Monday, 29 July 2019

One moment in: 'Melody' (1971) - sports day

One moment in: ‘Melody’ - Sports day

Waris Hussein, 1971, UK

Wes Anderson is quoted on the cover calling Waris Hussein’s ‘Melody’ (1971) “a forgotten, inspiring gem”, and in the chock-full coming-of-age genre, this as enchanting and as affecting as any. It has that decidedly British 1960-70s feel that’s part rough-and-tumble, part cheeky-chappy, part whimsy. As they were so successful in ‘Oliver’, Jack Wild and Mark Lester are paired again as odd-couple friends. This time, Lester is a doe-eyed kid who just wants to marry his first love, Melody (Tracy Hynde). Wild is the loveable delinquent that gets involved and has pangs of jealousy. His deadpan delivery of “I thought you might” is a highlight. And many supporting faces will be familiar to anyone watching TV during that time. ‘Melody’ scores by treating the children’s romanticism seriously and as a proper put-down to the adult world.

The moment where Daniel and Melody bond through playing their instruments is a peak moment and the whole escapade all ends with some ‘Hue and Cry’ kid’s anarchy; the former scene could easily be chosen for this post, but I am going to go for the sports day sequence. Oh, I am sure there’s some nostalgia at play in my choice here, for anyone that was a kid experiencing sports day in that era will find memories and feelings stirred. There’s bound to be a little shock for younger audiences that it so casually has very young kids smoking, or a teacher asking a boy if it is whiskey he smells on his breath, but it was a very different era.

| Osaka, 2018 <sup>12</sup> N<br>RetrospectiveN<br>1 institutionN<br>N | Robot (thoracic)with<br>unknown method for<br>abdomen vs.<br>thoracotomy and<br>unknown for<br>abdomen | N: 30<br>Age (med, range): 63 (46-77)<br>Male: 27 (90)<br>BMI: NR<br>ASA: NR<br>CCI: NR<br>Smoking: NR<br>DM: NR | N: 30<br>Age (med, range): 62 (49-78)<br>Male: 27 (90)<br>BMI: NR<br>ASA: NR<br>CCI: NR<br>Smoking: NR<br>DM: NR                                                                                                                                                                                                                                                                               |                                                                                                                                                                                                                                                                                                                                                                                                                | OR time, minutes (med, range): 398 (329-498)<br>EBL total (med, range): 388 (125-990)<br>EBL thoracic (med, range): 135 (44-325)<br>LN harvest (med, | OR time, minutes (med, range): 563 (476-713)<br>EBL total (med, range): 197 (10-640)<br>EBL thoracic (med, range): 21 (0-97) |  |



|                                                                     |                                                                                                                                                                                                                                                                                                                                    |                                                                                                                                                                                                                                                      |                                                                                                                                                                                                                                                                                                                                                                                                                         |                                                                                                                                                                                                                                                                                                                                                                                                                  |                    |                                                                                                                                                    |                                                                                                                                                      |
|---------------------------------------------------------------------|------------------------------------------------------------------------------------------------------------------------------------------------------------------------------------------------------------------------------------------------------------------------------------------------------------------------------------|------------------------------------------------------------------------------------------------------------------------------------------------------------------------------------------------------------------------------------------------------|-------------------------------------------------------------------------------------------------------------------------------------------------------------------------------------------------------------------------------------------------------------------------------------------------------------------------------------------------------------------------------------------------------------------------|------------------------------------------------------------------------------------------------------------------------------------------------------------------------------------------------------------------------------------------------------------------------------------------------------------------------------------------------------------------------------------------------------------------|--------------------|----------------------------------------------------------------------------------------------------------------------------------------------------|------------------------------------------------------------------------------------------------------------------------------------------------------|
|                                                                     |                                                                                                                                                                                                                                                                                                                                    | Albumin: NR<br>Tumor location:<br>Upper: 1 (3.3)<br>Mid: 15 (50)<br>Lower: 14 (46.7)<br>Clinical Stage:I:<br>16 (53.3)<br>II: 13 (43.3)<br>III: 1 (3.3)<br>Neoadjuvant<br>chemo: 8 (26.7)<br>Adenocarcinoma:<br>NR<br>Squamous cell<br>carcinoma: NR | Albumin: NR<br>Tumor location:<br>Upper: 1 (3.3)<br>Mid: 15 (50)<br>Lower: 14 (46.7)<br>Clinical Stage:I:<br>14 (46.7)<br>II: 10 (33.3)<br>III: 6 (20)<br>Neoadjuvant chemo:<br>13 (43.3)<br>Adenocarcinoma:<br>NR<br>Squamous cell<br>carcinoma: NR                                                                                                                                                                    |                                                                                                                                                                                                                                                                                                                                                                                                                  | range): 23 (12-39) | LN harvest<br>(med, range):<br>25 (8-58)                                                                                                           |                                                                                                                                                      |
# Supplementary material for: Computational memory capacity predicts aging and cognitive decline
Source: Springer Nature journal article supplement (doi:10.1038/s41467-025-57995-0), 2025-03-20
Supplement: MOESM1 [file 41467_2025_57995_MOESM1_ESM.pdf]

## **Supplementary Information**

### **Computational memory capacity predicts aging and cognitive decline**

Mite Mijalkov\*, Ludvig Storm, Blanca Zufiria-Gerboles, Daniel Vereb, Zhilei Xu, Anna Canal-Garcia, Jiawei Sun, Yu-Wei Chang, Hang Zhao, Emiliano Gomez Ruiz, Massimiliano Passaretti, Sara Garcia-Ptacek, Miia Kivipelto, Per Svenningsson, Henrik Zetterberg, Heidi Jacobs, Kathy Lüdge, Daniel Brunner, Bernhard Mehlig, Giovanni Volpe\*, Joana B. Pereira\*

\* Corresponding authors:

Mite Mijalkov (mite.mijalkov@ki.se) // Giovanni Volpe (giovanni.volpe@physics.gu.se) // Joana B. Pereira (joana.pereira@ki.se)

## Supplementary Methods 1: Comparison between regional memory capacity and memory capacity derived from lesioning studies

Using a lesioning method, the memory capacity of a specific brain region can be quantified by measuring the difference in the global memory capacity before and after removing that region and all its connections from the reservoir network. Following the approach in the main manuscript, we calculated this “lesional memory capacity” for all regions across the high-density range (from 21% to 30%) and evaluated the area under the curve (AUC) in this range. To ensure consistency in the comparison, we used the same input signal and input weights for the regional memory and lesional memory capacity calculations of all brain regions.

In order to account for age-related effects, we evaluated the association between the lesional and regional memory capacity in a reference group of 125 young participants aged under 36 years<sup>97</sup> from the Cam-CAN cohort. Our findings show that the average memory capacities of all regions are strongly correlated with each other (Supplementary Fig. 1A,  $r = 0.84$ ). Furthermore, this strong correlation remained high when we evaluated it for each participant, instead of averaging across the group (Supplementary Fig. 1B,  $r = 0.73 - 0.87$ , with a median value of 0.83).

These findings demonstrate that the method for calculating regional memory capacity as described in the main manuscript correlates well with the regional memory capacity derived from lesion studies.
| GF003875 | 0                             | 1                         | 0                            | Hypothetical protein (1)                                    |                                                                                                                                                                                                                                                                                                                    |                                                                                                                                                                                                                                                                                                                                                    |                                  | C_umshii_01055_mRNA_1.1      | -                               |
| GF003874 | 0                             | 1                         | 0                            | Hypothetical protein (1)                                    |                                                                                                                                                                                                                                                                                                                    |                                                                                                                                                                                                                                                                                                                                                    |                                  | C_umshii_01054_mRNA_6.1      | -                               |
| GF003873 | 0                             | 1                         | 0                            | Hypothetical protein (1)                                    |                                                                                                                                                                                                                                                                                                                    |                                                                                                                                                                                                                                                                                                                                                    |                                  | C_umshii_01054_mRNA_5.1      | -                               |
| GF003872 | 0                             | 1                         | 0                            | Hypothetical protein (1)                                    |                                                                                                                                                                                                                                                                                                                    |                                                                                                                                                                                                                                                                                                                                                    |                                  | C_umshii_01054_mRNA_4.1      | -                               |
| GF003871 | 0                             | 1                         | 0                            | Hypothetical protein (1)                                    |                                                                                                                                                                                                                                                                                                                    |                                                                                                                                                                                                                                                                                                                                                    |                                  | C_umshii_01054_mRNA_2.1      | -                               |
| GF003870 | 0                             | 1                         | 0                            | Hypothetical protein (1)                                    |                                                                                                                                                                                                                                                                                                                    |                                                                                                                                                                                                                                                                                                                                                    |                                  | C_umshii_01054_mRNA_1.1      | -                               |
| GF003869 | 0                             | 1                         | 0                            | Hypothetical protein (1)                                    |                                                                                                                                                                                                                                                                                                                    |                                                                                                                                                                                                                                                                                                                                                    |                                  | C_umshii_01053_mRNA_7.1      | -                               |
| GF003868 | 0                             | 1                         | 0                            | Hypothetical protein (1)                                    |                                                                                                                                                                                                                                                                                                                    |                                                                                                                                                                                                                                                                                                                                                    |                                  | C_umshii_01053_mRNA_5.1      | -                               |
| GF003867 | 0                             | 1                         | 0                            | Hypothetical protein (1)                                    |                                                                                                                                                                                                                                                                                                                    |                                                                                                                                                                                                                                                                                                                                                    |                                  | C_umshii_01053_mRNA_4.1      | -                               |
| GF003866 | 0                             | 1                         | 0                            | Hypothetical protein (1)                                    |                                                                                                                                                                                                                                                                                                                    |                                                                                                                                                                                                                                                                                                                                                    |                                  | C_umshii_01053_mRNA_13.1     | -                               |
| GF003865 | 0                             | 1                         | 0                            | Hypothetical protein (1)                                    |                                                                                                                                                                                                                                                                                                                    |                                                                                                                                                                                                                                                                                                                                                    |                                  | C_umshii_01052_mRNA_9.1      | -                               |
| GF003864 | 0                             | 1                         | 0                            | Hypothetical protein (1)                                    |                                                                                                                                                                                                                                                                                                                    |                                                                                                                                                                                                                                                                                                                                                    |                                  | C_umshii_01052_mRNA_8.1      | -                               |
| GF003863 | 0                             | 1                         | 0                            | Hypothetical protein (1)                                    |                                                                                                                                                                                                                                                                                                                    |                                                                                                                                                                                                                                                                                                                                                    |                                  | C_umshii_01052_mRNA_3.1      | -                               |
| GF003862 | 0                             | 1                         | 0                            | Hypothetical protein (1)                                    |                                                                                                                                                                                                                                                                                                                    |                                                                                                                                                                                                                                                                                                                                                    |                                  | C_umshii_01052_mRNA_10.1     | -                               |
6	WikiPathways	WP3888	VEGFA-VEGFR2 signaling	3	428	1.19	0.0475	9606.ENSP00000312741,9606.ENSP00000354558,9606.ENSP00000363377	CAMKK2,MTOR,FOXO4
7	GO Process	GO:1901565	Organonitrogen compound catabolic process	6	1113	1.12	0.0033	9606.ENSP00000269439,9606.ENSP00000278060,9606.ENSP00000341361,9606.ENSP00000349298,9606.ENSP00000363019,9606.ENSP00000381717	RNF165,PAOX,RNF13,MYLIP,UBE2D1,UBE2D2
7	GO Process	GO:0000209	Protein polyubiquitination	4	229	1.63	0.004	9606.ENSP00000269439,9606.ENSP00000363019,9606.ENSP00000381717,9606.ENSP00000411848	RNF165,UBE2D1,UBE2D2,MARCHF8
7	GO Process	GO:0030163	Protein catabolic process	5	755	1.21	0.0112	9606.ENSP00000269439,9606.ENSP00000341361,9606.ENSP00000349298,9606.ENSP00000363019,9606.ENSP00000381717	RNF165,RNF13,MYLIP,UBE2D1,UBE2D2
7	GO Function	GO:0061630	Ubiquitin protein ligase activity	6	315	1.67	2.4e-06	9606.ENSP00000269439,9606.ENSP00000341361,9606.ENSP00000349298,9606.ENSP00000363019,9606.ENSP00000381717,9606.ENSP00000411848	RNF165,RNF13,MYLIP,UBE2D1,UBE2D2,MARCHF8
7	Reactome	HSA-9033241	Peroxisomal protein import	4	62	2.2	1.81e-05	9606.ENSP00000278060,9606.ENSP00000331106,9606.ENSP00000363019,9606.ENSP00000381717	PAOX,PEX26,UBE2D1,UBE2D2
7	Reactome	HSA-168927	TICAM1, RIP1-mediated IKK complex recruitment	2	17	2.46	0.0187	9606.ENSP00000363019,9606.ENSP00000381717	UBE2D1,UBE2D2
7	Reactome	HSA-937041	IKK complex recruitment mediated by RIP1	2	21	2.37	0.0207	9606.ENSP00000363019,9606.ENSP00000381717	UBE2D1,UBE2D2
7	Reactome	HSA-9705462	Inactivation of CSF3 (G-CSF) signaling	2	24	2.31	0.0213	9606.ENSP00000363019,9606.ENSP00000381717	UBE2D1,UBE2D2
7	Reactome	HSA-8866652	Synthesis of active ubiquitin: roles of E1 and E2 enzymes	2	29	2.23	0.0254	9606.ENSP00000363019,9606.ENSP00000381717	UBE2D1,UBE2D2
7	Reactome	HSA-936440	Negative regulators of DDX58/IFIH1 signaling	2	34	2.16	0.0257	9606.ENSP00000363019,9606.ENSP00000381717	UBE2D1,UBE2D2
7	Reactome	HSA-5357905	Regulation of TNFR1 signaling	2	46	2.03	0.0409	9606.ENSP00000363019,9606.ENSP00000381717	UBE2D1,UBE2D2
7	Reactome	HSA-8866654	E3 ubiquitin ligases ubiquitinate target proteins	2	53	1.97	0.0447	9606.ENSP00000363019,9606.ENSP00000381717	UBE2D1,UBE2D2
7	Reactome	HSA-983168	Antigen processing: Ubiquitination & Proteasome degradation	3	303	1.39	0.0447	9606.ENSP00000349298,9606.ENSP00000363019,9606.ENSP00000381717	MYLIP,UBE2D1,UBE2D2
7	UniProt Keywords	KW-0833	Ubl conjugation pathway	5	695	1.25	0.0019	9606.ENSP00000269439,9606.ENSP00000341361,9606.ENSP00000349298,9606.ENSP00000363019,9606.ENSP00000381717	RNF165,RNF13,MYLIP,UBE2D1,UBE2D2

Key to the sports day vignettes are that they are set to the Bee Gees ‘To Love Somebody’. It’s mostly through Nina Simone’s devastating version that I came to this song: I'm not a Bee Gees fan yet I have to admit to finding this track affecting. But its placement here is both surprising and transcendent, underscoring the whole school event with Daniel’s romantic longing. The music is like the sound of Daniel reminiscing as an older man about the sports day when he first had a big crush; the song's slight incongruity makes this moment feel like a memory. Yet it’s also music that places it firmly in the era. The song is slick and yearning and gives a gloss and elevation to the sports day montage that could quite easily have come from ‘Grange Hill’ or Ealing Studios. That it feels slightly at odds with the rough edges of an unremarkable school event  provokes a surprising elegance and pathos.

Oh, and watch out for Crosby, Stills, Nash and Young on the soundtrack too.

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